1. Would any of your project ideas raise safety issues in terms of:
- researcher safety,
- public safety, or
- environmental safety?
Any kind of research evolves risks, but in our project we tried to assure biosafety with the following actions:
- All the students were trained by the advisors (PhD students with experience in molecular biology and microbiology).
- Every lab practice should be performed with gloves, labcoat and other safety equipment if required.
- We are using non-pathogenic lab strains of E. coli that do not confer any additional fitness advantages on bacteria, apart from the most common antibiotic resistance genes used as selection markers. We are focused on containment of this microorganism by discarding all the genetic or microbiological material after sterilization.
- All the genes from pathogenic bacteria were synthesized to avoid safety problems with environment, public and researches health.
2. Do any of the new BioBrick parts (or devices) that you made this year raise any safety issues? If yes,
- did you document these issues in the Registry?
- how did you manage to handle the safety issue?
- How could other teams learn from your experience?
- There's no directly evidence that the biobricks developed by our team should raise any safety issue, besides in the manipulation of GMO and lab practices. But if we encounter any reason for this kind of concern, we will report and document it.
3. Is there a local biosafety group, committee, or review board at your institution?
- If yes, what does your local biosafety group think about your project?
- If no, which specific biosafety rules or guidelines do you have to consider in your country?
- The wetlab work of team UNICAMP-EMSE was conducted at the Systems Biology Laboratory, located at Center for Molecular Biology and Genetic Engineering (CBMEG) in University of Campinas - UNICAMP. Systems Biology Laboratory is a research laboratory fully equipped for dealing with Risk 1 microorganisms and GMOs. The following laboratory equipments are available: autoclave for sterilization; laminar flux hood with UV lamp for working with microorganisms under sterile conditions; shakers and incubators for microorganism growth; freezers and refrigerators exclusively used for maintaining culture media and bacterial cultures; specifically designated sharps collection bin; easily accessible instructions on how to deal with contamination events; and log book for recording spills and contamination events. The laboratory has doors with a biohazard sign and access to a specifically designated culture room is restricted to trained personnel. The culture room is provided with a sink and has a controlled environment, without opened windows; its tiled floor can be easily cleaned, and the bench tops are impervious to water and resistant to moderate heat and moderately corrosive organic solvents. Insect and rodent control programs are in effect at UNICAMP.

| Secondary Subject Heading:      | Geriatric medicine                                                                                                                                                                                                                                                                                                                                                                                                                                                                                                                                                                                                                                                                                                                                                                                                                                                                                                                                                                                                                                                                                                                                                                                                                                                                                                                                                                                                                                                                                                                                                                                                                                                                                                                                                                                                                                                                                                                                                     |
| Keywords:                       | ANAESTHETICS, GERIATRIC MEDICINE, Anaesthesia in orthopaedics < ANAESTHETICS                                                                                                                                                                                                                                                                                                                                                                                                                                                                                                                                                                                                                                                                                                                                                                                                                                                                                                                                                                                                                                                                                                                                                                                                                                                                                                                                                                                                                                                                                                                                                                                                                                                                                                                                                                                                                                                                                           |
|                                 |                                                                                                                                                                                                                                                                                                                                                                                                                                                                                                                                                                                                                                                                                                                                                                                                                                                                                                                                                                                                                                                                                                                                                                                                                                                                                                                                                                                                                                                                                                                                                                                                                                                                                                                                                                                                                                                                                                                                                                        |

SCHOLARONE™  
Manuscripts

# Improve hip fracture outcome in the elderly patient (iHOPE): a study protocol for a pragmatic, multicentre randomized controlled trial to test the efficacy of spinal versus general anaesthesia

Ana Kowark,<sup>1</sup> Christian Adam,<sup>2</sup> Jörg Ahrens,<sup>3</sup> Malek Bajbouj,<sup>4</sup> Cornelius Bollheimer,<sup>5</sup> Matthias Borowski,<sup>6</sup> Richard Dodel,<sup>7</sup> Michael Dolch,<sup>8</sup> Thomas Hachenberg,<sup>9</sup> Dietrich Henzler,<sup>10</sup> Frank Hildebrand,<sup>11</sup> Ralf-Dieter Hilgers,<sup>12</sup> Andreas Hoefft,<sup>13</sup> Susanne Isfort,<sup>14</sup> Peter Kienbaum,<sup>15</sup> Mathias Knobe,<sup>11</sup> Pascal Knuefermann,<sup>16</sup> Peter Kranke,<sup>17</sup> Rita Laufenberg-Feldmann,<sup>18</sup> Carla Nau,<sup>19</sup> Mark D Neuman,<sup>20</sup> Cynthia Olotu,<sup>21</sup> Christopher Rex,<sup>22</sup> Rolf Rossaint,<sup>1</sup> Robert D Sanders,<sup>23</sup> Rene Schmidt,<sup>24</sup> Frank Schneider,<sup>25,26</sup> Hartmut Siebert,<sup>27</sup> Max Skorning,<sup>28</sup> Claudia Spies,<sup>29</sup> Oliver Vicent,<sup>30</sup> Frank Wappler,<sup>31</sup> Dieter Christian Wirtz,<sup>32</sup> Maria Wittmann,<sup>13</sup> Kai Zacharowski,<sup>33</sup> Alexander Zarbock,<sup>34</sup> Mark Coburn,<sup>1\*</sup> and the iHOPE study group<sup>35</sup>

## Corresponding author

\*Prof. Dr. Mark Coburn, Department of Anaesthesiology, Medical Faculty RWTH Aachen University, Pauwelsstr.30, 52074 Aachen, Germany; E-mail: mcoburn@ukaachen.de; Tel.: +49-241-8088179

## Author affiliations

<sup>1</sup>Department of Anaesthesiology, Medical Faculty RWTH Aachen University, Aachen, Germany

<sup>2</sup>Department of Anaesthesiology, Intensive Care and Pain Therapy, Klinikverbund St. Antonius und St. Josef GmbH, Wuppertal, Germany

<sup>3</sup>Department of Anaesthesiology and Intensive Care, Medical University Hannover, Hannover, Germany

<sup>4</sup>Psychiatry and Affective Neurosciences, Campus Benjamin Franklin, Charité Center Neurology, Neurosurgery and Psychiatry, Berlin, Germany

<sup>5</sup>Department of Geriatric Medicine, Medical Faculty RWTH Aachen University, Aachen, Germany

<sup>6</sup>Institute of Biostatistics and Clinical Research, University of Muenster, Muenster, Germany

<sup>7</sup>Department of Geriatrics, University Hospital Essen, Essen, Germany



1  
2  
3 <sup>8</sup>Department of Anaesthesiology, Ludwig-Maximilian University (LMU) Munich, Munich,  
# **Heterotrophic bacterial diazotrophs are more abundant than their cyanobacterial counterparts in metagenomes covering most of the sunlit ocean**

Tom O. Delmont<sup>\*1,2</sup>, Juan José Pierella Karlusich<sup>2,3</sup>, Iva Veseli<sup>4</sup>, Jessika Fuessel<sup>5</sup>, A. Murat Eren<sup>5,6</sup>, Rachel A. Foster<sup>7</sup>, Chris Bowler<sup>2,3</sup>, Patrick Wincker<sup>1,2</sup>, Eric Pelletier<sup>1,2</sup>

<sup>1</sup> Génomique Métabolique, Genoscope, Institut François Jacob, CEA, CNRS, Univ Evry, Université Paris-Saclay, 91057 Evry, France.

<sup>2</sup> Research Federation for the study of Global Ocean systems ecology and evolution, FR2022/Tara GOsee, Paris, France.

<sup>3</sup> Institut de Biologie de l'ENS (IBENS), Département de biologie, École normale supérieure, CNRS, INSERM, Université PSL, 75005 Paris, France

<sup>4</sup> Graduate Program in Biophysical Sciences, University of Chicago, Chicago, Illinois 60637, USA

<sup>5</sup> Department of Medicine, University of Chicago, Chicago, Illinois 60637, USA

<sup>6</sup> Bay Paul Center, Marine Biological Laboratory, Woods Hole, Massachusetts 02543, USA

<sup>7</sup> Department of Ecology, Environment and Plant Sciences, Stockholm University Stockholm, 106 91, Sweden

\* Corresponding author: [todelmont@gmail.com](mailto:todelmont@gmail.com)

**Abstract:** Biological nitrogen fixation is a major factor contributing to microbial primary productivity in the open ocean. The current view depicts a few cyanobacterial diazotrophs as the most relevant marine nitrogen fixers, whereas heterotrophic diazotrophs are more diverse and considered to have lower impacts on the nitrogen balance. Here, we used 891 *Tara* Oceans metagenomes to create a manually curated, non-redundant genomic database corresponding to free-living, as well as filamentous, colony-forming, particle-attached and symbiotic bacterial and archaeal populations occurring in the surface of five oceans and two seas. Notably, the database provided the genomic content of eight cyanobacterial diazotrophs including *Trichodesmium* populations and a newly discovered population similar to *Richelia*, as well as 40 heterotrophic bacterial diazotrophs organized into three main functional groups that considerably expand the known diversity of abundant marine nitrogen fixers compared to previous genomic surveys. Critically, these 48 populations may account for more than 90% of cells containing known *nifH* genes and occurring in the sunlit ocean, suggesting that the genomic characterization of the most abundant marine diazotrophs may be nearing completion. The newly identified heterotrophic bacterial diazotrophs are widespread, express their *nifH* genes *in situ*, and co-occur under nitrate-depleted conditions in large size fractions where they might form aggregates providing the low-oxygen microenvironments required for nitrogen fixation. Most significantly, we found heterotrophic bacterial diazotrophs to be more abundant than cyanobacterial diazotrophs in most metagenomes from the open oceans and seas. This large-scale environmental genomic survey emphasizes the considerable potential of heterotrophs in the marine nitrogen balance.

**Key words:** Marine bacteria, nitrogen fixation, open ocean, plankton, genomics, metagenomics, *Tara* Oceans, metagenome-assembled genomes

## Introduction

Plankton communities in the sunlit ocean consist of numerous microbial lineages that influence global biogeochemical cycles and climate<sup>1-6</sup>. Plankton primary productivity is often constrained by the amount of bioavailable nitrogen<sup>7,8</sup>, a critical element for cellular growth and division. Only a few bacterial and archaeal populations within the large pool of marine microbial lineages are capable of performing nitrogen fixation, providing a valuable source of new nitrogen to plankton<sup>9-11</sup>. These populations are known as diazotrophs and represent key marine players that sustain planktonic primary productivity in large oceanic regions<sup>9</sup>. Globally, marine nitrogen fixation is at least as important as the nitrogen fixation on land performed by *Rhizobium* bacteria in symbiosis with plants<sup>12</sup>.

- In Brazil we follow the guidelines instituted by CTNBio (National Technical Commission for Biosafety) and CBMEG is certified to work with GMOs (CQB 0086/98, http://www.ctnbio.gov.br/index.php/content/view/2267.html?id=09&op=2).
4. Do you have any other ideas how to deal with safety issues that could be useful for future iGEM competitions? How could parts, devices and systems be made even safer through biosafety engineering?
- One suggestion in the biosafety of the researcher is to include in the iGEM parts kit the bacterial less endotoxicchassi (developed by Berkeley UC 2007), to avoid serious septic problems in the case of an accident that leads to an intense contact with the bacteria (eye or bloodstream contact, inhalation or ingestion).
- Another suggestion for population and environment safety is to (somehow) include in all biobricks an operating unit that detects if the bacteria is not in a culture media (detects some molecule produced through the metabolism of a specific media constituent) and express lysozyme to kill it if it's released in the environment (idea inspired by Team UNICAMP-Brazil 2009).